And the cameras on the busier streets would show hundreds of people going past.
And its employees are likely to be busier in the coming months.
On busier roads, elderly, scarved women sat by piles of potatoes and onions hoping forlornly for a sale.
There was a fine open view across the busy river to the busier city.
For eight months or so Remington Solander was busier than he had ever been in his life.
She was now engaged to be married to a poorer and busier man, but it was to Jack Burgess that she appealed.
"Then the devil is busier than he seems, even after a night at Court," I said.
I suppose, take it all in all, there wasn't a busier man than the Rural Dean among the Anglican clergy of the diocese.
But be all the books; that never was opened or shut, busier men!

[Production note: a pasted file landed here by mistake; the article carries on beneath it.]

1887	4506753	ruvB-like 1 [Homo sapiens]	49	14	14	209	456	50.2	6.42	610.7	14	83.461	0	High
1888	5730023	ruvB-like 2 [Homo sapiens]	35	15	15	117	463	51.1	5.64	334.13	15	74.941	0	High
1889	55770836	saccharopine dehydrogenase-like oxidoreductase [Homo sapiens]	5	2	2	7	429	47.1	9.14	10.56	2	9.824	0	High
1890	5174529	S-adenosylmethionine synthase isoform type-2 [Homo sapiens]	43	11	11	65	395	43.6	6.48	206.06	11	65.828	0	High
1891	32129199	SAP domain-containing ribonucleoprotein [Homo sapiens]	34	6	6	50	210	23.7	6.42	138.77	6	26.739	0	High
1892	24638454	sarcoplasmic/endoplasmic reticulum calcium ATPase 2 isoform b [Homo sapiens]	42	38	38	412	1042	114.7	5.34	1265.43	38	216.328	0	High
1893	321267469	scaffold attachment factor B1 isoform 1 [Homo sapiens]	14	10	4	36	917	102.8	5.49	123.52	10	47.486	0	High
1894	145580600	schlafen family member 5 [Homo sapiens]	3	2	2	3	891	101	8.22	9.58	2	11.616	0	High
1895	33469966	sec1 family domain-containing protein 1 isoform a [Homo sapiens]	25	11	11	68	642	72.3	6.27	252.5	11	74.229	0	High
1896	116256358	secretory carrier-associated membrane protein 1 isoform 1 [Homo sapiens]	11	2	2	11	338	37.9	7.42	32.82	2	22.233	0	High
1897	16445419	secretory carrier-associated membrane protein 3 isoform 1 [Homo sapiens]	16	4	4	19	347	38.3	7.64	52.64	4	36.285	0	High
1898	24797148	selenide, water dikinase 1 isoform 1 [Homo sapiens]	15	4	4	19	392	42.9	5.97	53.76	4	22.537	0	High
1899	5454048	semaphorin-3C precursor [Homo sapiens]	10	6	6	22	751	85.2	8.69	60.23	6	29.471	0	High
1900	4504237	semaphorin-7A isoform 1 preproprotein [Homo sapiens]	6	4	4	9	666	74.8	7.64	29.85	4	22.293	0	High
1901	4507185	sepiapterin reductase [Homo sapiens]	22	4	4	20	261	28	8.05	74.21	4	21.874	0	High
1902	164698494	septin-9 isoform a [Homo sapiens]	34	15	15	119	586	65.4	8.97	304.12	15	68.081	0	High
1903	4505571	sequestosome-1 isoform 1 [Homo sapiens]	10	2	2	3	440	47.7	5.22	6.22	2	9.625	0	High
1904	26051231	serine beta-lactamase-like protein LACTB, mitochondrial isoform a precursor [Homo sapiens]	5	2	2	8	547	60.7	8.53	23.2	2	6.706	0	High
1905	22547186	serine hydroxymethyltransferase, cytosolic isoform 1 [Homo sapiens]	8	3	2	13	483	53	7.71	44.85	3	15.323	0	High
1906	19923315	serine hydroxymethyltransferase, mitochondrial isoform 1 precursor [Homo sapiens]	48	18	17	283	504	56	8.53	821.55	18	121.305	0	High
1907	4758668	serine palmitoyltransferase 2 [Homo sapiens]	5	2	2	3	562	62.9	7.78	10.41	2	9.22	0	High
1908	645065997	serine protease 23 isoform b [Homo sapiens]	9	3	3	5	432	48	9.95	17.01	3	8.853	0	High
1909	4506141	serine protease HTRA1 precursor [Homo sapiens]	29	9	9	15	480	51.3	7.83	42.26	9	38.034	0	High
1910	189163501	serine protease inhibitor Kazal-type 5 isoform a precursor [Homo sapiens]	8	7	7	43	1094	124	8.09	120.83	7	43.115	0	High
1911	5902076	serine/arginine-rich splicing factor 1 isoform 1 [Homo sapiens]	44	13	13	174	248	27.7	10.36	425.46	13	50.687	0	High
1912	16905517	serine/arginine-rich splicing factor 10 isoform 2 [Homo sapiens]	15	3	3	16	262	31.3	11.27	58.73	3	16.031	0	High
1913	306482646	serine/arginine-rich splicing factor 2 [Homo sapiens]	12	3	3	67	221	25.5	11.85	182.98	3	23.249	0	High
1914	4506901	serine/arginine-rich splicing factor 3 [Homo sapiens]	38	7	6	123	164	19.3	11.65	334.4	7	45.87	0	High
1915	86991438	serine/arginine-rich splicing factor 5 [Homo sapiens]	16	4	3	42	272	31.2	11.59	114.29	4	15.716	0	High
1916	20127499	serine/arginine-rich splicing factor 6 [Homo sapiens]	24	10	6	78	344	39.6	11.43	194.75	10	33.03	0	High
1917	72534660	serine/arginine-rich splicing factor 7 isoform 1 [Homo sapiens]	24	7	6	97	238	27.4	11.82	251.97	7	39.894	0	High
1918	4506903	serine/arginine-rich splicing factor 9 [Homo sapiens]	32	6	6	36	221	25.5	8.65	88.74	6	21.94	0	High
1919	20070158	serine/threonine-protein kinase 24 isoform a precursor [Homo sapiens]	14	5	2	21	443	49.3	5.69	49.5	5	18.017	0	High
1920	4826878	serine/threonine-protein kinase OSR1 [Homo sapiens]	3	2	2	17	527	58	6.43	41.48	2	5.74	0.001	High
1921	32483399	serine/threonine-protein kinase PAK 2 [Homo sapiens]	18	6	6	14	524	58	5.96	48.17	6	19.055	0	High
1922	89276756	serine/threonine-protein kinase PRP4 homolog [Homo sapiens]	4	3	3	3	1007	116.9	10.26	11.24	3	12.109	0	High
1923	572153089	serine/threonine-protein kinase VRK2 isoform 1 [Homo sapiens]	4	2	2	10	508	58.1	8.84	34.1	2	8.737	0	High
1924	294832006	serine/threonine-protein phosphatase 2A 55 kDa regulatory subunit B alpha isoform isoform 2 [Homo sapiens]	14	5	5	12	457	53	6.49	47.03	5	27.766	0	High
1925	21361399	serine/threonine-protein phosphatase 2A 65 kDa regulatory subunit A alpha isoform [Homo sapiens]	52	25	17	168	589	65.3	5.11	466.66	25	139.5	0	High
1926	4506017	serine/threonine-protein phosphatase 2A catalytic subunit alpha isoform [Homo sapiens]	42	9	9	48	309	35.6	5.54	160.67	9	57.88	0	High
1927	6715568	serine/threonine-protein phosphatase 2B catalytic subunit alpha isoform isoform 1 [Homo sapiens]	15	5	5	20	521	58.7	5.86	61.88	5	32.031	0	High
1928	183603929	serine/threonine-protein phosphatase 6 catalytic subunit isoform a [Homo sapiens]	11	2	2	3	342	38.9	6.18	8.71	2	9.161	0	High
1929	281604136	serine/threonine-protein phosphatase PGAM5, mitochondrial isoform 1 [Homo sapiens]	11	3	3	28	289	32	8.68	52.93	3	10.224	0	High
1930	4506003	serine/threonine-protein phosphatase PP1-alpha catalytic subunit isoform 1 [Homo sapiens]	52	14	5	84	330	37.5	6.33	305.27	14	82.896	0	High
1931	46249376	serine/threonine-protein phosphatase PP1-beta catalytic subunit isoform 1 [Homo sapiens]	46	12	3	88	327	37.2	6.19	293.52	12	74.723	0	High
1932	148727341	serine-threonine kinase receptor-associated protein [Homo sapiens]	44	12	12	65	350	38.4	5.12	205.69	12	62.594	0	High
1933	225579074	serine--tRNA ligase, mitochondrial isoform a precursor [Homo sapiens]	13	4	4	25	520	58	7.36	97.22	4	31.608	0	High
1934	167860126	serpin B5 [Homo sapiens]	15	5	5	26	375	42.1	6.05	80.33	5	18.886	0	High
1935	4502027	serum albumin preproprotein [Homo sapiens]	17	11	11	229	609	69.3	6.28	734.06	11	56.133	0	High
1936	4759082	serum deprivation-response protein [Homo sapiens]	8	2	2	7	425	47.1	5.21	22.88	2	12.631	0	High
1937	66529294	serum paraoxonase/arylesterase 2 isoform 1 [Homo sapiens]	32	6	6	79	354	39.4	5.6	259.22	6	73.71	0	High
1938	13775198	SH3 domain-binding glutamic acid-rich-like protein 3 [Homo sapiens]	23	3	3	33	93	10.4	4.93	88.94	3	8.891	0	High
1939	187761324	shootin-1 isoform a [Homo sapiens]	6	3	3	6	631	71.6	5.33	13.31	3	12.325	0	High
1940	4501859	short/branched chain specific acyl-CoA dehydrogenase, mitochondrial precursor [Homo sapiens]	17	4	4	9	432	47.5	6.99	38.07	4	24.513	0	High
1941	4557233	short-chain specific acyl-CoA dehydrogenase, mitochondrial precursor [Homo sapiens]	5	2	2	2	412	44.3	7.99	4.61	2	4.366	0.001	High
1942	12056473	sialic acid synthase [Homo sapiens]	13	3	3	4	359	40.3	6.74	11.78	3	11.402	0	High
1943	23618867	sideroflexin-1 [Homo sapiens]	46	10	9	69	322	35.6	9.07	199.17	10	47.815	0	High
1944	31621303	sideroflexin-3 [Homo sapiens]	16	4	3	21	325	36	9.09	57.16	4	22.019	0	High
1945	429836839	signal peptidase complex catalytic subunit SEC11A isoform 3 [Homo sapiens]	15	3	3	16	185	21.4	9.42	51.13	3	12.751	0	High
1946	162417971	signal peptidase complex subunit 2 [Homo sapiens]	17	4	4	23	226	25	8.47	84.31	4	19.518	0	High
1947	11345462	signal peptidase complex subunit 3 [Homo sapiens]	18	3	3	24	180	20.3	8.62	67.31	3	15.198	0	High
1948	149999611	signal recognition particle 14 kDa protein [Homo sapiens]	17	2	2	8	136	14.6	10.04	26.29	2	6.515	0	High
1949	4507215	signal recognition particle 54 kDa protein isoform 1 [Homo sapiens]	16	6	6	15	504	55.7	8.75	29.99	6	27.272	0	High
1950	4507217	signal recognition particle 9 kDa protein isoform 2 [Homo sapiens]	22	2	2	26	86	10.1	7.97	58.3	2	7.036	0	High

It would be difficult to imagine a gayer or busier place than this usually sombre city has become within a few days.
Old English bisig "careful, anxious," later "continually employed or occupied," cognate with Old Dutch bezich, Low German besig; no known connection with any other Germanic or Indo-European language. Still pronounced as in Middle English, but for some unclear reason the spelling shifted to -u- in 15c.
The notion of "anxiousness" has drained from the word since Middle English. Often in a bad sense in early Modern English, "prying, meddlesome" (preserved in busybody). The word was a euphemism for "sexually active" in 17c. Of telephone lines, 1893. Of display work, "excessively detailed, visually cluttered," 1903.
late Old English bisgian, from busy (adj.). Related: Busied; busying.